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Truth, Lies, and Advertising: The Art of Account Planning (Adweek Magazine Series) Hardcover – 16 Mar 1998


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Product details

  • Hardcover: 320 pages
  • Publisher: John Wiley & Sons; 1 edition (16 Mar 1998)
  • Language: English
  • ISBN-10: 0471189626
  • ISBN-13: 978-0471189626
  • Product Dimensions: 16.1 x 2.8 x 23.6 cm
  • Average Customer Review: 4.9 out of 5 stars  See all reviews (16 customer reviews)
  • Amazon Bestsellers Rank: 122,216 in Books (See Top 100 in Books)
  • See Complete Table of Contents

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Review

". . . I was glued to Jon's book. Best practice, common sense, and extraordinary intelligence throughout." -David Wheldon, President, BBDO Europe. -- David Wheldon, President, BBDO Europe.

"A very smart, very funny look at what works, what doesn't, and why, in the sometimes maddening, sometimes inspiring business of advertising. One of the brightest books about the subject in a long, long time." - Geoffrey Frost, Director of Global Advertising, Nike Inc. -- Geoffrey Frost, Director of Global Advertising, Nike Inc.

"Jon Steel is one of the top five account planners in the world. The depth and breadth of this book reflects his vast personal experience and exceptional talent. It's not just a great book about account planning, it's a great book about advertising." -Jane Newman, Partner, Director of Strategic Planning, Merkley, Newman, Harty. -- Jane Newman, Partner, Director of Strategic Planning, Merkley, Newman, Harty.

"The beauty of this book is that it discusses the theories and practice of one of the brightest minds in advertising today, yet never loses its irreverent tone. It's a great book for the advertising industry and a must read for planners." -Rob White, Director of Planning, Fallon McElligott -- Rob White, Director of Planning, Fallon McElligott

From the Publisher

A terrific book on advertising from Goodby Silverstein
Jon Steel is Director of Account Planning and Vice Chairman at Goodby Silverstein & Partners, the ad agency that created the witty and memorable "Got Milk?" campaign for the California Milk Processors, as well as great ads for Polaroid, Porshe, Nike, Pepsi, Anheuser-Busch, and Hewlett-Packard. This book shows how account planners have become a key component to campaign development...account planning is the most significant change in the advertising industry in the last 30 years. Account planning requires equal part researcher, account executive, creative, and surrogate customer. Planners can get into consumers' minds and discover how they relate to particular brands, products, and categories. This book describes some of the techniques of finding real consumer insights and suggests that simplicity, creativity, and common sense are the most important ingredients for success.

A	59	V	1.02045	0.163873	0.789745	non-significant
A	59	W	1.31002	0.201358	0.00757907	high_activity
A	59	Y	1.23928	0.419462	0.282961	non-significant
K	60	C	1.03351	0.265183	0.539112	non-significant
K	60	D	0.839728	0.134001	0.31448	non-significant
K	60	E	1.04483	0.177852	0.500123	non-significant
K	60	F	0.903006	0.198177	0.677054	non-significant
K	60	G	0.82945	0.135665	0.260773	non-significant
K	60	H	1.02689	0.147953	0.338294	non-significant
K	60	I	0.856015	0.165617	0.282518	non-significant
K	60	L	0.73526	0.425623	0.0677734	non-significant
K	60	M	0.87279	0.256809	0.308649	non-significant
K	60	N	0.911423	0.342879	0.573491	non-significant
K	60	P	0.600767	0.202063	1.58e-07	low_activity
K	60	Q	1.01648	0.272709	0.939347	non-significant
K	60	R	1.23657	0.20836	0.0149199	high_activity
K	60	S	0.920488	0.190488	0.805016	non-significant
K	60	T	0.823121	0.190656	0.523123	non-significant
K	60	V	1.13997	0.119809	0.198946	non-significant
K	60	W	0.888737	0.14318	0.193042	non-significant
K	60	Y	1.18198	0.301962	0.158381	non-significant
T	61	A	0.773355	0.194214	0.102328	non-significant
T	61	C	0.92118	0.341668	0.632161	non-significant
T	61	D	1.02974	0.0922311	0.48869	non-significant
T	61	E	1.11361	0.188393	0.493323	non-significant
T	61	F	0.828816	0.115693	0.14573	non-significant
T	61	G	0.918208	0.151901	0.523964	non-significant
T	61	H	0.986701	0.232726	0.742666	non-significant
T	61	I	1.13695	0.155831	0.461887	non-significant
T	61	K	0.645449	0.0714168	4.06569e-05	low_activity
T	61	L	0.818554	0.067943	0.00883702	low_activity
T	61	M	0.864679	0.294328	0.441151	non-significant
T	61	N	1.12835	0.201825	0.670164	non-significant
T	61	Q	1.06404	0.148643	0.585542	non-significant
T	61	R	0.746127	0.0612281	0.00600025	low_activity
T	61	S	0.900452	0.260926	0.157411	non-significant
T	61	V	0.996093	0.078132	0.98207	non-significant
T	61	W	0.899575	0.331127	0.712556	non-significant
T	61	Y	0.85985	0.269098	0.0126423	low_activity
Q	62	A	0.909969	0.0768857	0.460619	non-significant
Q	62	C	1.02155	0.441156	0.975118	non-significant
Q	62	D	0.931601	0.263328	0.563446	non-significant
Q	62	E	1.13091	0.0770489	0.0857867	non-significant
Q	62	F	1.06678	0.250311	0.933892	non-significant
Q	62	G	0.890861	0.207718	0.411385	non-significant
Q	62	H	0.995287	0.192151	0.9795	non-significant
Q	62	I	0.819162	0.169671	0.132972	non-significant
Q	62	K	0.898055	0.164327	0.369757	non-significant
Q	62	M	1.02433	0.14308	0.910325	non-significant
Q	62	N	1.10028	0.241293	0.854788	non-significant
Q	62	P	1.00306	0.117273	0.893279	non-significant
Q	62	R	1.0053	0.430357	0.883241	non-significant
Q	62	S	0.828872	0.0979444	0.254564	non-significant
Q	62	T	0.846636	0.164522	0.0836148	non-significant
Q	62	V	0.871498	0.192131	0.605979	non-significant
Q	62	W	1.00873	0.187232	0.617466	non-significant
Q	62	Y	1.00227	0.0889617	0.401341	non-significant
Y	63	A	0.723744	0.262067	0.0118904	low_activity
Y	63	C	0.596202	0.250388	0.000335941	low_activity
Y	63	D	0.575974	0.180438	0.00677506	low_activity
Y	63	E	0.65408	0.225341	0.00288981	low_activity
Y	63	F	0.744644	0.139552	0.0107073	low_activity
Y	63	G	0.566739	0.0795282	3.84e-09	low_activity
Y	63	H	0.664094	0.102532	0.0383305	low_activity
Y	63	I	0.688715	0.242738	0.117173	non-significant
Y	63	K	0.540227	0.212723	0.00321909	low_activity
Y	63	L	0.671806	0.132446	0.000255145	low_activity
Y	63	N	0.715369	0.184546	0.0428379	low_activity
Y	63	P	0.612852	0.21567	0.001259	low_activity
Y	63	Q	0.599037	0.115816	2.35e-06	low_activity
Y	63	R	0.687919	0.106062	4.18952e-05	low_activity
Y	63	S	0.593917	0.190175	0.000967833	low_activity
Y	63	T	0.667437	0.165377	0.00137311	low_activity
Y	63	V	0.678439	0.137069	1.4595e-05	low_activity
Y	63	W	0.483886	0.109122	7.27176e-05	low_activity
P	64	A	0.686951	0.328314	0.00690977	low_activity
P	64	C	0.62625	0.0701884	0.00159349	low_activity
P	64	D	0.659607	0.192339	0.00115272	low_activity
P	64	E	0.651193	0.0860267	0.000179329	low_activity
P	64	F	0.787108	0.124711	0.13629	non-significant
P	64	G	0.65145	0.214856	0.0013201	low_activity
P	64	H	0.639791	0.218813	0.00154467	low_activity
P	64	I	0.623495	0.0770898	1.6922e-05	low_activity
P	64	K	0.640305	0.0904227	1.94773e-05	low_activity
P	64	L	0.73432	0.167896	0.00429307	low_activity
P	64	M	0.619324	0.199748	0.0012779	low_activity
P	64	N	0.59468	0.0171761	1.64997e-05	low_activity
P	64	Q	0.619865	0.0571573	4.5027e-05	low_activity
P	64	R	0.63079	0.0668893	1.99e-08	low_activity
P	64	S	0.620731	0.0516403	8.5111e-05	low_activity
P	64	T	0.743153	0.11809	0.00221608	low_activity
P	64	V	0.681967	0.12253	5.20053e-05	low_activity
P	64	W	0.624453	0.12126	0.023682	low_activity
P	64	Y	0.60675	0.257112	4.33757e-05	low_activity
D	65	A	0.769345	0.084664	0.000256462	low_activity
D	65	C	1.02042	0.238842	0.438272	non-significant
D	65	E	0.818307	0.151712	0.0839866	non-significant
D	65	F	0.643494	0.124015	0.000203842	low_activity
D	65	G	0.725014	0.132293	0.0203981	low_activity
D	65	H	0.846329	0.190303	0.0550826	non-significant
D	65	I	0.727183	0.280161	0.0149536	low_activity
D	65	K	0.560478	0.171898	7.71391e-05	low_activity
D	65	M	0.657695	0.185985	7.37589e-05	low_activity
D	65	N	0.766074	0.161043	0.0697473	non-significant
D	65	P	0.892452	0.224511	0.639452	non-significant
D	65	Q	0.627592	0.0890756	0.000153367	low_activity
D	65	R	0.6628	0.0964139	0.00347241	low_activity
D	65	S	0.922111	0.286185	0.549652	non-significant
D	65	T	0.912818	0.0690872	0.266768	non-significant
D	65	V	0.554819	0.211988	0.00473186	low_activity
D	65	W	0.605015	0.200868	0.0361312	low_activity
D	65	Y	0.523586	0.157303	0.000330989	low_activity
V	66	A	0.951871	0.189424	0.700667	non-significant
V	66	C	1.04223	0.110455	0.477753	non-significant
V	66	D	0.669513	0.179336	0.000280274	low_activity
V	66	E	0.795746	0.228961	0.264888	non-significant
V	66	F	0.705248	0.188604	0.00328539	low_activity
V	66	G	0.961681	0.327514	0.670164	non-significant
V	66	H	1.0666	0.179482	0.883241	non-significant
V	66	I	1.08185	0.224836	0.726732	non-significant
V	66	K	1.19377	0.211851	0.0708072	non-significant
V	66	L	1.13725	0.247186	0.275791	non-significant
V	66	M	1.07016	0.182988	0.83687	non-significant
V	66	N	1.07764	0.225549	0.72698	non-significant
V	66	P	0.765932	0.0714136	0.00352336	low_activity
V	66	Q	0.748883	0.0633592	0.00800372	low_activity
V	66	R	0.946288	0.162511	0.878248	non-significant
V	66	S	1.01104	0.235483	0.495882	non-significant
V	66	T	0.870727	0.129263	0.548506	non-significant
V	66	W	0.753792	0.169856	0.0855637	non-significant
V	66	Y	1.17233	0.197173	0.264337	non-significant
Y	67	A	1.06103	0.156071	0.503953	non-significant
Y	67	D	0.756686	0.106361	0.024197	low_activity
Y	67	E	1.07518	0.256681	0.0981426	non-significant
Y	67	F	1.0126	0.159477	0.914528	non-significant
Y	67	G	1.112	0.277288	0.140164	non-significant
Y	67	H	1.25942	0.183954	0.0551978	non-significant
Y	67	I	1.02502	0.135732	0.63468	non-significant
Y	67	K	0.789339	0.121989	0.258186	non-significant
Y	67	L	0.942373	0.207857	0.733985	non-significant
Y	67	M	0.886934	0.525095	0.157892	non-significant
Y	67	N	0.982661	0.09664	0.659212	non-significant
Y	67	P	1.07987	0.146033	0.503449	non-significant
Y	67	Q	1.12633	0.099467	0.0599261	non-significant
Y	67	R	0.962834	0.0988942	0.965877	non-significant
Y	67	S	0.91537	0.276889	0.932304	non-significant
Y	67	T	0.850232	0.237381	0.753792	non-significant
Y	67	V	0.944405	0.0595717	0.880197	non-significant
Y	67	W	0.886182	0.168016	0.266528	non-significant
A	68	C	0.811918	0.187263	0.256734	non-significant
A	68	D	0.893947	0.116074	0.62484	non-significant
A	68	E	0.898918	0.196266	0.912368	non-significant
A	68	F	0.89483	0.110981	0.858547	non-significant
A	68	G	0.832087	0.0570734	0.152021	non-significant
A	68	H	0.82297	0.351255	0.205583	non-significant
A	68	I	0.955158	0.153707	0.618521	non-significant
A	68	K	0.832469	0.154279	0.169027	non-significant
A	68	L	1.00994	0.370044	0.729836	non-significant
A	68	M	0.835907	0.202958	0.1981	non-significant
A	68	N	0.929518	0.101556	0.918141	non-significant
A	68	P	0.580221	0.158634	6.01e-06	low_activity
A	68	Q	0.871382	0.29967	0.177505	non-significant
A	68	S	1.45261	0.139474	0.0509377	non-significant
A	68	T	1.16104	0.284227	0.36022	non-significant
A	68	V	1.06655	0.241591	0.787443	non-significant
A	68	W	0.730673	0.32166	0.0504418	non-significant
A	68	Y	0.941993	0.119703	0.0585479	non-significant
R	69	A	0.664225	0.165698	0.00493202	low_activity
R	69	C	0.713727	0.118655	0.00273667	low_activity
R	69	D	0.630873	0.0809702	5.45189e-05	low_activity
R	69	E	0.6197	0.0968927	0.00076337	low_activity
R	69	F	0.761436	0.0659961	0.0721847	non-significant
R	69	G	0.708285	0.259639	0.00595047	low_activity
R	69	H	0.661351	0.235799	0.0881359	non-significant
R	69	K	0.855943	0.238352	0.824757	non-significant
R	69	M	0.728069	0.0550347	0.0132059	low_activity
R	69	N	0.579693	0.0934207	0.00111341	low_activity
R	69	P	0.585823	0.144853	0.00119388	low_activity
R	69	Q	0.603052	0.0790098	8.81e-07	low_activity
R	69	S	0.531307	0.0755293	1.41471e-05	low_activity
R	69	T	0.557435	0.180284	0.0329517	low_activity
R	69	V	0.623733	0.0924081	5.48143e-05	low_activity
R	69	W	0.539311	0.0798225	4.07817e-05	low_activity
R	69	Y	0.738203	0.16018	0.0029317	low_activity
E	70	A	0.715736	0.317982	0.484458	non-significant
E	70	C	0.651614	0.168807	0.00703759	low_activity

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First Sentence
This may seem like a strange way to start a book about advertising, but I have a degree in geography. Read the first page
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Most Helpful Customer Reviews

13 of 14 people found the following review helpful By J. C. W. Collins on 5 Jun 2008
Format: Hardcover
I am not in any way connected to advertising, marketing or the business world. In fact, I'm a warehouse worker. However, I'm an avid reader and wanted to find out more about the advertising industry - my curiosity having been aroused by all those documentaries on BBC4.

I found this book really interesting. About how research can be flawed and how to conduct proper research. Then how the results from that research are used to form the advertising. What I most enjoyed reading about were, among other things, how to advertise an SUV vehicle that isn't that distinctive from it's rivals, or how to sell cycle helmets to kids who think that cycle helmets aren't cool - and to their parents. The most important thing that this book did for me was to describe the process of creating great advertising from it's initial inception right through to the finished product. And, as I touched on earlier, there are some great examples of very successful advertising campaigns being executed, seemingly, against great odds. I particularly enjoyed the chapter about the 'got milk?' campaign - which was responsible for increasing milk consumption in California when it had been in decline. I laughed out loud quite afew times. Infact, all of this book is written with great wit and humour. It's a joy to read and flows very easily.

Advertising is part of our culture. It's up there with art, music, the theatre and television. Whatever your views are about Western Capitalism you can't escape the fact that people like adverts, and are influenced by them despite what they say - I know that I am. So if you like culture you should read this book.
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1 of 2 people found the following review helpful By A Customer on 29 April 1999